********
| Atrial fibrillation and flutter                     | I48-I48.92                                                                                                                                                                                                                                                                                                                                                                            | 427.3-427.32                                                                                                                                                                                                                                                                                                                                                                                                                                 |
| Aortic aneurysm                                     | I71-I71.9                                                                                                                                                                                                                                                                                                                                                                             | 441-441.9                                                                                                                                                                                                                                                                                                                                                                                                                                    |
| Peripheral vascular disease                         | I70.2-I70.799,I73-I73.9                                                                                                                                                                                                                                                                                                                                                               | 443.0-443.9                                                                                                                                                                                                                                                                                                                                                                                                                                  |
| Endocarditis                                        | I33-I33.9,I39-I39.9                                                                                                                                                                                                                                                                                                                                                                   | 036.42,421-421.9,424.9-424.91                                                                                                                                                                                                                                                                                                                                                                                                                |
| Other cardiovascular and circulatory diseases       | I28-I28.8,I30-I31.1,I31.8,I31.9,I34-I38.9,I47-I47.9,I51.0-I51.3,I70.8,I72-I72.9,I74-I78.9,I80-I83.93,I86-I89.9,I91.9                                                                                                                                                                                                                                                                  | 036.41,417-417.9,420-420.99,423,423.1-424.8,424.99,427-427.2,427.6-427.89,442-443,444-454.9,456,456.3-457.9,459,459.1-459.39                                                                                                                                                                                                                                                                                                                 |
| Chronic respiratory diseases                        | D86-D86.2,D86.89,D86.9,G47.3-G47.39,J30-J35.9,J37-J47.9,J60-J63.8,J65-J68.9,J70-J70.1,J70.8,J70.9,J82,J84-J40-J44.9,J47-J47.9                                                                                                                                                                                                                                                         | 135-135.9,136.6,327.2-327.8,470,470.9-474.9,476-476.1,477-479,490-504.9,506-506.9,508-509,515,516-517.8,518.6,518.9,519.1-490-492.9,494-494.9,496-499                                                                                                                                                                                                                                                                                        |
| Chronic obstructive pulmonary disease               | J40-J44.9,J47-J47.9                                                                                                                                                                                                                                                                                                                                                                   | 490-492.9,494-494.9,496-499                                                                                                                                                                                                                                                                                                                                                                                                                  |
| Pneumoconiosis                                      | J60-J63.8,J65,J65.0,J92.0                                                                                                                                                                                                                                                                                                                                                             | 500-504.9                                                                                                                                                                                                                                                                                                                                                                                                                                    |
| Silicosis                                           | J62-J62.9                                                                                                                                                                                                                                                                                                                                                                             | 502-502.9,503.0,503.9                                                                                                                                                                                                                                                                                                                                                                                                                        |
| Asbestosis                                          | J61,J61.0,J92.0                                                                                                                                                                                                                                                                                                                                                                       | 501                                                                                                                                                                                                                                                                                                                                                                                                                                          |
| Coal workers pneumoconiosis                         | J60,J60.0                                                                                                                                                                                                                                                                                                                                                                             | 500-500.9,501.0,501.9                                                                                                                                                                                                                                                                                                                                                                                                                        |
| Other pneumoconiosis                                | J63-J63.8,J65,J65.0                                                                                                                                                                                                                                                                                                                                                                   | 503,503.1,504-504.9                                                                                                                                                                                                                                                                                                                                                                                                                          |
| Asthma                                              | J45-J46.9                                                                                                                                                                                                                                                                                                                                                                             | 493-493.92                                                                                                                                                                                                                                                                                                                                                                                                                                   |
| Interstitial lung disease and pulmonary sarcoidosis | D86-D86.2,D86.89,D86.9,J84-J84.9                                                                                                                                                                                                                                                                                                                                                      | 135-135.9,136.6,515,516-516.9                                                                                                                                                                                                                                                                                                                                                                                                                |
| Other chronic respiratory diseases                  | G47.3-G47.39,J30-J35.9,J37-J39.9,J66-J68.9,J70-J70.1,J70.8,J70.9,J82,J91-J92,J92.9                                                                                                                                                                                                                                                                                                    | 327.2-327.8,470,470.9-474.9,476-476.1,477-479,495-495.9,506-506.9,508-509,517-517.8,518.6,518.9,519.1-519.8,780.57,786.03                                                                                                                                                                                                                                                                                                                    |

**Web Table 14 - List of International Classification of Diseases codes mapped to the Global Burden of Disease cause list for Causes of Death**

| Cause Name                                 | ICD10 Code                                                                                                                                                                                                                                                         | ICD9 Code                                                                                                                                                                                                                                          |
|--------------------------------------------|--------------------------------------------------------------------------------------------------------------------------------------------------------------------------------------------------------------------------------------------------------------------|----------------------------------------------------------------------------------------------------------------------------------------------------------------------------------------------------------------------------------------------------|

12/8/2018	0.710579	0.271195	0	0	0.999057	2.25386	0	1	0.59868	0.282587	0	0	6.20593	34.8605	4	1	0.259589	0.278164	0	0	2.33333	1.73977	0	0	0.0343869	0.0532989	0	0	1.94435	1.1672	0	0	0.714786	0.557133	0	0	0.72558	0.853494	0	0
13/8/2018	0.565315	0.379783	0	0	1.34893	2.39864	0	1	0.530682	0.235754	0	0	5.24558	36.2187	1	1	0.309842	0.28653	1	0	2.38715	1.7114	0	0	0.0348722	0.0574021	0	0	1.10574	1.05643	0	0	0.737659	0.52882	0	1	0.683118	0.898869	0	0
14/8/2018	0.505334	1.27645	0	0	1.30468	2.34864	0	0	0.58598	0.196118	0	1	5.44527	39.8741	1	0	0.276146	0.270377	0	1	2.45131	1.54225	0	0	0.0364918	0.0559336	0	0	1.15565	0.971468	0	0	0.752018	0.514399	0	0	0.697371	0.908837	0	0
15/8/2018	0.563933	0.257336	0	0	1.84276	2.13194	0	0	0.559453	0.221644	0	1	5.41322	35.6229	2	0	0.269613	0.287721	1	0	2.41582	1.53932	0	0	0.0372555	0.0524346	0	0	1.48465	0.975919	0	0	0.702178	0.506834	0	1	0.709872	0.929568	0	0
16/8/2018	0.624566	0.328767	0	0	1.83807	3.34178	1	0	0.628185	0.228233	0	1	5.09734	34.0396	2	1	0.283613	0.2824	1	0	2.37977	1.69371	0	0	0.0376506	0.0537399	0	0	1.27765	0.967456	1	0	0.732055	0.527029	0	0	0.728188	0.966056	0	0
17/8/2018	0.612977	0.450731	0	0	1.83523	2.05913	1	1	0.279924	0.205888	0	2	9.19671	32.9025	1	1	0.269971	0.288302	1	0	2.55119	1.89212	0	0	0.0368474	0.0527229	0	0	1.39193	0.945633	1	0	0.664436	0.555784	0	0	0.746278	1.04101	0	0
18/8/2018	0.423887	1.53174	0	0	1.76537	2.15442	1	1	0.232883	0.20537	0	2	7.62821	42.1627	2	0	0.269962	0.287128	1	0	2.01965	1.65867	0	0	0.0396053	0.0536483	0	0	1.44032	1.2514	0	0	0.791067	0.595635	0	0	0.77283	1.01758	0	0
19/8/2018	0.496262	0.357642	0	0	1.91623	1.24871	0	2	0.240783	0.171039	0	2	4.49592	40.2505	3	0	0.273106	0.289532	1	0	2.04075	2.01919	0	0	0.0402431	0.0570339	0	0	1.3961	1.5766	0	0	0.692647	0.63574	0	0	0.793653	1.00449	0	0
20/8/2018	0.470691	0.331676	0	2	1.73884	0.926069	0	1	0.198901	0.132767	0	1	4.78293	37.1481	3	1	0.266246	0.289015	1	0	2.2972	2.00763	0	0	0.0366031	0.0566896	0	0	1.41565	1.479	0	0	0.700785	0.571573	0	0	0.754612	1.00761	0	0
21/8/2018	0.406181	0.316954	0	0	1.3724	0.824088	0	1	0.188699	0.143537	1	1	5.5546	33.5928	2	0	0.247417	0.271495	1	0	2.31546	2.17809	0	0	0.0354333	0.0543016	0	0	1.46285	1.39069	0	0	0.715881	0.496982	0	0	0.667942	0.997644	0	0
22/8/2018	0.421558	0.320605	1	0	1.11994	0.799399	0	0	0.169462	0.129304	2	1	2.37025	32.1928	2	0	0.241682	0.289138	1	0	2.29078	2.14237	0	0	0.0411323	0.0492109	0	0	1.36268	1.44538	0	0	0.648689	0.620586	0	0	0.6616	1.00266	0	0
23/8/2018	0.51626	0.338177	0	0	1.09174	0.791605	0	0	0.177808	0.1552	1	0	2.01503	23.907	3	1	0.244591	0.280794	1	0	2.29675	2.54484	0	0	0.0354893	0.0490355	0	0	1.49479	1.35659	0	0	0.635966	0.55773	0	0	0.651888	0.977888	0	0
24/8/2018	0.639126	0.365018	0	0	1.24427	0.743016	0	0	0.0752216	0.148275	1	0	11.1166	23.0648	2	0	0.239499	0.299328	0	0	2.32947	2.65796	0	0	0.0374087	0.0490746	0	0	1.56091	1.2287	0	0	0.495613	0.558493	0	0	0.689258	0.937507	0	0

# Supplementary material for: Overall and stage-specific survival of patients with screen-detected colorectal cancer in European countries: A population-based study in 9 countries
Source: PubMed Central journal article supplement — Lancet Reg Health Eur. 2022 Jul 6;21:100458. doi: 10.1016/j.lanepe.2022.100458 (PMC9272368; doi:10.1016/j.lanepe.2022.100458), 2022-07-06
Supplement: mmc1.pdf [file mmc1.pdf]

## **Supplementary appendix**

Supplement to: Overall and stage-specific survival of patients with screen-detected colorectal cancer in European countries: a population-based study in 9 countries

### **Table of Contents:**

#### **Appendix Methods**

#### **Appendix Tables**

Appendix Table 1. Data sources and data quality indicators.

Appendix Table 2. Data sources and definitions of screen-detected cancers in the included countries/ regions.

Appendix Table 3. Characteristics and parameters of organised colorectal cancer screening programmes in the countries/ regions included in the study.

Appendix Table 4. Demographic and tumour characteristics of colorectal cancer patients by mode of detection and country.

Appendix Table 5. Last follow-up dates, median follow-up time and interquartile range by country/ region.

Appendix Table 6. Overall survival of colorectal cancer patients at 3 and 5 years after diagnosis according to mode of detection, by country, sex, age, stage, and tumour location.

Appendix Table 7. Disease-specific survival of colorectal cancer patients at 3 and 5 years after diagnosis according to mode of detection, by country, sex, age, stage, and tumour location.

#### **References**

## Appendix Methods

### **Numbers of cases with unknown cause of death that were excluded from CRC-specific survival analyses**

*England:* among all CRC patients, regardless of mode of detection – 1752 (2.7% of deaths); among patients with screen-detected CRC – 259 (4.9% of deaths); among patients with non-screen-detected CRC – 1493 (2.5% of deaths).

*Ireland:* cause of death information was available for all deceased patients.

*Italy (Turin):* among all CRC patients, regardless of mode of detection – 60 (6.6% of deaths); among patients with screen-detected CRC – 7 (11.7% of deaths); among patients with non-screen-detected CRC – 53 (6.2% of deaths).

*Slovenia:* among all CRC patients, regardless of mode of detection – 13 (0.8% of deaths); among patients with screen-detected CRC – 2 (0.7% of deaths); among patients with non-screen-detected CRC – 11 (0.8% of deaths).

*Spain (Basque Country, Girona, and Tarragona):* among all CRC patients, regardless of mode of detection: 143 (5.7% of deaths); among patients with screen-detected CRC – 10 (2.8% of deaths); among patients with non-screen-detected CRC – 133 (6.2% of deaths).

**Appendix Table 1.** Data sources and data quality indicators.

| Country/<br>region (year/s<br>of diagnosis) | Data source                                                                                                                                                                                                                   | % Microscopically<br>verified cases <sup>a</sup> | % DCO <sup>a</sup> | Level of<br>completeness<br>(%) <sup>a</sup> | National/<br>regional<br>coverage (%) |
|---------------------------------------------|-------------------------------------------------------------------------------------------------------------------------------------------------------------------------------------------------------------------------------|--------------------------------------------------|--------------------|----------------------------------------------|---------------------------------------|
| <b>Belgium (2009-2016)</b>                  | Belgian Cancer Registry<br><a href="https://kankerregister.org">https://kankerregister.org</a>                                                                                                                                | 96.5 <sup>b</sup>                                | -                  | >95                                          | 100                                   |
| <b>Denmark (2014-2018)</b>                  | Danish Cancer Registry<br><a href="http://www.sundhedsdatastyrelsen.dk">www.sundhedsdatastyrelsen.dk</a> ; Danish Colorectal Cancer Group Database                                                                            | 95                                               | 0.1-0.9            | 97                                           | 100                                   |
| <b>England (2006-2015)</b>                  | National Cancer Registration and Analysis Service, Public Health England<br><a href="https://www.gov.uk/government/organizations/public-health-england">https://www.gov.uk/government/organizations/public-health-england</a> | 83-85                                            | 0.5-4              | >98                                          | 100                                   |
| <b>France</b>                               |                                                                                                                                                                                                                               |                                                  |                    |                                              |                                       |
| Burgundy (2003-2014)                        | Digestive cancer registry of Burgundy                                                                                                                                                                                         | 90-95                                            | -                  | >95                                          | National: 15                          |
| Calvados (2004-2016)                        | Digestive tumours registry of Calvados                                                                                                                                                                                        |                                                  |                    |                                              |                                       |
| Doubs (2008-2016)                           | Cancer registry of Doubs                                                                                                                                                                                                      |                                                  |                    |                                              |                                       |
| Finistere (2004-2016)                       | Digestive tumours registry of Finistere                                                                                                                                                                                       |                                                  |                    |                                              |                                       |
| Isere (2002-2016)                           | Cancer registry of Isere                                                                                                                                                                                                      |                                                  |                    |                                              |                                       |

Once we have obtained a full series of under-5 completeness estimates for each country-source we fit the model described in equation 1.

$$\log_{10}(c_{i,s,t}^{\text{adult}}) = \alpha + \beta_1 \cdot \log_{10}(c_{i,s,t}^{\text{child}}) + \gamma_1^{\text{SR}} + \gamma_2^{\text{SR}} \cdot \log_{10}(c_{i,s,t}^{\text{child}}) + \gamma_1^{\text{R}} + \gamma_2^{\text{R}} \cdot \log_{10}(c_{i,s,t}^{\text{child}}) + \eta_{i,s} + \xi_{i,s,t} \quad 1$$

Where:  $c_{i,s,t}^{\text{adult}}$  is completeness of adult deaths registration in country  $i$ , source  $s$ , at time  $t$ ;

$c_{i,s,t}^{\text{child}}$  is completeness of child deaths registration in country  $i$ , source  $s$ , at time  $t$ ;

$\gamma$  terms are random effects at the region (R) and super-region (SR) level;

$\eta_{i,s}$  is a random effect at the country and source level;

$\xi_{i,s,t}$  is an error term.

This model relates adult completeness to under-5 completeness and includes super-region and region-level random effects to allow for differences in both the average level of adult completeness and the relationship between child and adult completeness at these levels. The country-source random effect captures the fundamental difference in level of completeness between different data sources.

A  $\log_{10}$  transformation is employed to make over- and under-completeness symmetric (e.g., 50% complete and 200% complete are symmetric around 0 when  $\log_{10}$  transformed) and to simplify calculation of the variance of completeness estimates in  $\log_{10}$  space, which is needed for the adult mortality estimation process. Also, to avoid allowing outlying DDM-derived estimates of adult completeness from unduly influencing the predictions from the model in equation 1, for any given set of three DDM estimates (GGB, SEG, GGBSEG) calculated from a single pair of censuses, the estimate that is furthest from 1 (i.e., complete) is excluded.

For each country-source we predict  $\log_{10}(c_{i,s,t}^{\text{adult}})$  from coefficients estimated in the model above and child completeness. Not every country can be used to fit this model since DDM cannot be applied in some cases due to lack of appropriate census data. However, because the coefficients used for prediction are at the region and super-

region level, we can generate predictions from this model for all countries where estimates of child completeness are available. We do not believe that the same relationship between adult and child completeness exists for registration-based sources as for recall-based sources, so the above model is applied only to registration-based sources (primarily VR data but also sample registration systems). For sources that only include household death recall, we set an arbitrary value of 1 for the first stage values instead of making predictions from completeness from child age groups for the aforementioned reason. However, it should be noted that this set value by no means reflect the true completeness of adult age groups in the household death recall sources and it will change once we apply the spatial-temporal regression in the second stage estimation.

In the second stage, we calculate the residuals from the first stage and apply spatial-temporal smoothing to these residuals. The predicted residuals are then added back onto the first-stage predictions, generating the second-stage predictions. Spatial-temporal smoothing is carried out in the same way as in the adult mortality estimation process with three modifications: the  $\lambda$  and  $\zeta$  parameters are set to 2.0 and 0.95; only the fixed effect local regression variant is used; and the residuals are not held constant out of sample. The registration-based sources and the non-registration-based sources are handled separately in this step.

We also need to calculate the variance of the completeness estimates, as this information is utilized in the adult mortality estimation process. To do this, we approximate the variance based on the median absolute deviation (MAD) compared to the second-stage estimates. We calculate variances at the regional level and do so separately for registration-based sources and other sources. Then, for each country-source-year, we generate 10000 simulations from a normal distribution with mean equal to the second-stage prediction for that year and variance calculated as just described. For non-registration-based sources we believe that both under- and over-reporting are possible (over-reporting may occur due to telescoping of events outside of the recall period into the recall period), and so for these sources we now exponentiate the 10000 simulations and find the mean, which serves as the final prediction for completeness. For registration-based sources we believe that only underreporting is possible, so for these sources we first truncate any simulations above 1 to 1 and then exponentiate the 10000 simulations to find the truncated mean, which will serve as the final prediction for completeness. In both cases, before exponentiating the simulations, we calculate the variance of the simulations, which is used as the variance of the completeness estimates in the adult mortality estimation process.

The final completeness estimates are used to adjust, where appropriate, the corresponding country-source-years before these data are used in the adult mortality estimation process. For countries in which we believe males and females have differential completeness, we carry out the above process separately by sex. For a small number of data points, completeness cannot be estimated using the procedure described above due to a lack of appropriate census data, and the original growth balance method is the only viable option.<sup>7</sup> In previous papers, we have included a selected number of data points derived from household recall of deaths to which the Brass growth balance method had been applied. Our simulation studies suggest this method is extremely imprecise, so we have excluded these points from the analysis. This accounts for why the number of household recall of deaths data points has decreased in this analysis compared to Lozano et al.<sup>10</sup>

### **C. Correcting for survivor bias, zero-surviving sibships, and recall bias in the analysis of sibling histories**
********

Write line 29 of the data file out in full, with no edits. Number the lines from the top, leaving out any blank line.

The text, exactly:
22/8/2018	0.421558	0.320605	1	0	1.11994	0.799399	0	0	0.169462	0.129304	2	1	2.37025	32.1928	2	0	0.241682	0.289138	1	0	2.29078	2.14237	0	0	0.0411323	0.0492109	0	0	1.36268	1.44538	0	0	0.648689	0.620586	0	0	0.6616	1.00266	0	0